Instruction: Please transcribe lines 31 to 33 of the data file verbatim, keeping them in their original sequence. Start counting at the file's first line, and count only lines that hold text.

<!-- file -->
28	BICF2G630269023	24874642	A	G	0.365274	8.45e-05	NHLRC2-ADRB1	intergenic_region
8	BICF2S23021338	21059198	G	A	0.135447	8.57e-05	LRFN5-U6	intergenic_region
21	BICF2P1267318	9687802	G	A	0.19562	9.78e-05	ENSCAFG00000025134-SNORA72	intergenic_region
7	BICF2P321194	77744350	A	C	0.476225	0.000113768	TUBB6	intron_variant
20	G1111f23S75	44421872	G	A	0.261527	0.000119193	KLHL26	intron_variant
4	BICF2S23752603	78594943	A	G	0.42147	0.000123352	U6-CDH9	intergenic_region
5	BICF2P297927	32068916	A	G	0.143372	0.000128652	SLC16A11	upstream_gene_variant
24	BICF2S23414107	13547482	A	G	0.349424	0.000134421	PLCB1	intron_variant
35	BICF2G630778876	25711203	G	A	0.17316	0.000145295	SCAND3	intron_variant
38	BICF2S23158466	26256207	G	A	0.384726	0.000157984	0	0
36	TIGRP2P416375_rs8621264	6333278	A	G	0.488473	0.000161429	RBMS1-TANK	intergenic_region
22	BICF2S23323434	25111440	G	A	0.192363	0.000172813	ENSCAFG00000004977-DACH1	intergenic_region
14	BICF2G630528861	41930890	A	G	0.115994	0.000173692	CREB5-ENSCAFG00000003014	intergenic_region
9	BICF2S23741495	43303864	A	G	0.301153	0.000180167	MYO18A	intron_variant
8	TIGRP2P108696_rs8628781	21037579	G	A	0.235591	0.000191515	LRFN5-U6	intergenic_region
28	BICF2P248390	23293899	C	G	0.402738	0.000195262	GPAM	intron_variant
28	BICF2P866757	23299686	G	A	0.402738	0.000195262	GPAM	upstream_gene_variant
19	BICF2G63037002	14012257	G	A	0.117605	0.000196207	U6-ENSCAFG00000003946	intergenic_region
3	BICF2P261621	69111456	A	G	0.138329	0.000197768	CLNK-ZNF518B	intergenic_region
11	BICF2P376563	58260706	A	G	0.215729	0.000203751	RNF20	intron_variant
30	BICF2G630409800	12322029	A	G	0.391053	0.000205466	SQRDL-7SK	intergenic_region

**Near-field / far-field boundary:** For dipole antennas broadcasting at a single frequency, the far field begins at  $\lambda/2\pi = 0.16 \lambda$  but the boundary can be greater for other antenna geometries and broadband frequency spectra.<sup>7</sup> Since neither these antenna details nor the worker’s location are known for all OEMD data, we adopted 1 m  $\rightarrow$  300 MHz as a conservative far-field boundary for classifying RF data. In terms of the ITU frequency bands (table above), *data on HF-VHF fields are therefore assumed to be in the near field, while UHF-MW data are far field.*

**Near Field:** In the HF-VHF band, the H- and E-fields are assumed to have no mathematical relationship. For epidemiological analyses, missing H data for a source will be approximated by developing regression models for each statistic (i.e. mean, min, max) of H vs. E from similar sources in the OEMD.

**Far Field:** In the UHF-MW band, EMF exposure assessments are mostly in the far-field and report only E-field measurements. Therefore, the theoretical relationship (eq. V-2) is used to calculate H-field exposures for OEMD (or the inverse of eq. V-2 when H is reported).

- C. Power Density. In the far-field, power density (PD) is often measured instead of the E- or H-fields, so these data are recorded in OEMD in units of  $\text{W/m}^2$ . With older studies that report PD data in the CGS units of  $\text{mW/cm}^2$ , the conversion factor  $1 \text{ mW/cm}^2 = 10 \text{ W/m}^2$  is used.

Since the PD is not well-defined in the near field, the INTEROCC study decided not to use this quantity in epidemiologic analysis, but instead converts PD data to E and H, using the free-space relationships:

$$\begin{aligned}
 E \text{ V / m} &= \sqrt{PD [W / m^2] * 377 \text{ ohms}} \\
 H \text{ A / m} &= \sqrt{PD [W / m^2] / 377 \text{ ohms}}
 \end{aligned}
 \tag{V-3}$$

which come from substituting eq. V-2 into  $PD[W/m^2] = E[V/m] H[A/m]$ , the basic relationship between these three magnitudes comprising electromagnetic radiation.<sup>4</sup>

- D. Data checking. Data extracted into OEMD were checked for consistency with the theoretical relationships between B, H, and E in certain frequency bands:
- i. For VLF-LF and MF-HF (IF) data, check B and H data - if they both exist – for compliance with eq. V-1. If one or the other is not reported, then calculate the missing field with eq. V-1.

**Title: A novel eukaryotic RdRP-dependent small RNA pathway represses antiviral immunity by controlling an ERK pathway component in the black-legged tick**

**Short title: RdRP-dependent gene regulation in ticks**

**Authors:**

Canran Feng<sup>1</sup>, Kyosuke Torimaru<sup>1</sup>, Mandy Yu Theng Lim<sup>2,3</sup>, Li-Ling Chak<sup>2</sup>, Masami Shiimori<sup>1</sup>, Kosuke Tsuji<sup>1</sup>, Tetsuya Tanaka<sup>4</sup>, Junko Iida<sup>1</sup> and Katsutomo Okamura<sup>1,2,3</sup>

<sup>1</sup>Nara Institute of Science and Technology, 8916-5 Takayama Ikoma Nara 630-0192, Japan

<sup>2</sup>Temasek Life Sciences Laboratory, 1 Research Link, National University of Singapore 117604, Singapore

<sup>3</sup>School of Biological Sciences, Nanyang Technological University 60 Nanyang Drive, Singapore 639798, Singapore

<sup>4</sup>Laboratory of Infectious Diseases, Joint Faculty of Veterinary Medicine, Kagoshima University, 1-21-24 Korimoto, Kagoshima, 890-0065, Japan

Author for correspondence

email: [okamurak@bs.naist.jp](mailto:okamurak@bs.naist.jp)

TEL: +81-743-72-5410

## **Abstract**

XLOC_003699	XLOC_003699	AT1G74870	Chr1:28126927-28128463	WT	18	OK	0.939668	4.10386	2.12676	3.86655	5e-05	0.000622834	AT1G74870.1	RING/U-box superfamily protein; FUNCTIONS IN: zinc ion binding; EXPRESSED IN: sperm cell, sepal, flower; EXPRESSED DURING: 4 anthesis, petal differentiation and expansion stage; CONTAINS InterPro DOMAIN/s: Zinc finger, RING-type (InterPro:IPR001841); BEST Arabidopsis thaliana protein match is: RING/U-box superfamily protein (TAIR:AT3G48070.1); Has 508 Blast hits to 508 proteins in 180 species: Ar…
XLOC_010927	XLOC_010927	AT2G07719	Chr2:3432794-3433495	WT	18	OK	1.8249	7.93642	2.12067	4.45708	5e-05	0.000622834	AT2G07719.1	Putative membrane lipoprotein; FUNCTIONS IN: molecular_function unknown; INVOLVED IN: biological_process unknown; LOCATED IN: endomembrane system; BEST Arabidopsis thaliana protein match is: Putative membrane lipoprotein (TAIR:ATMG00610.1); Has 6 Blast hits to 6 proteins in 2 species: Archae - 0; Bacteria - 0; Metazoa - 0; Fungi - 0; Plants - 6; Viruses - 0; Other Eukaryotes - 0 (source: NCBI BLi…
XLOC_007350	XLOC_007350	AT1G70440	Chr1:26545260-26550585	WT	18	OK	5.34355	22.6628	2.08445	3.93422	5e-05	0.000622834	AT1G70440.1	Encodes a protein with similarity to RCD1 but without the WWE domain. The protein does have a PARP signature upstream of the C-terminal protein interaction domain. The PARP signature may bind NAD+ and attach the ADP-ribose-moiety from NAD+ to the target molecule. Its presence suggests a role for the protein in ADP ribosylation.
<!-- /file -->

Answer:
 \tag{V-3}$$

which come from substituting eq. V-2 into  $PD[W/m^2] = E[V/m] H[A/m]$ , the basic relationship between these three magnitudes comprising electromagnetic radiation.<sup>4</sup>

- D. Data checking. Data extracted into OEMD were checked for consistency with the theoretical relationships between B, H, and E in certain frequency bands: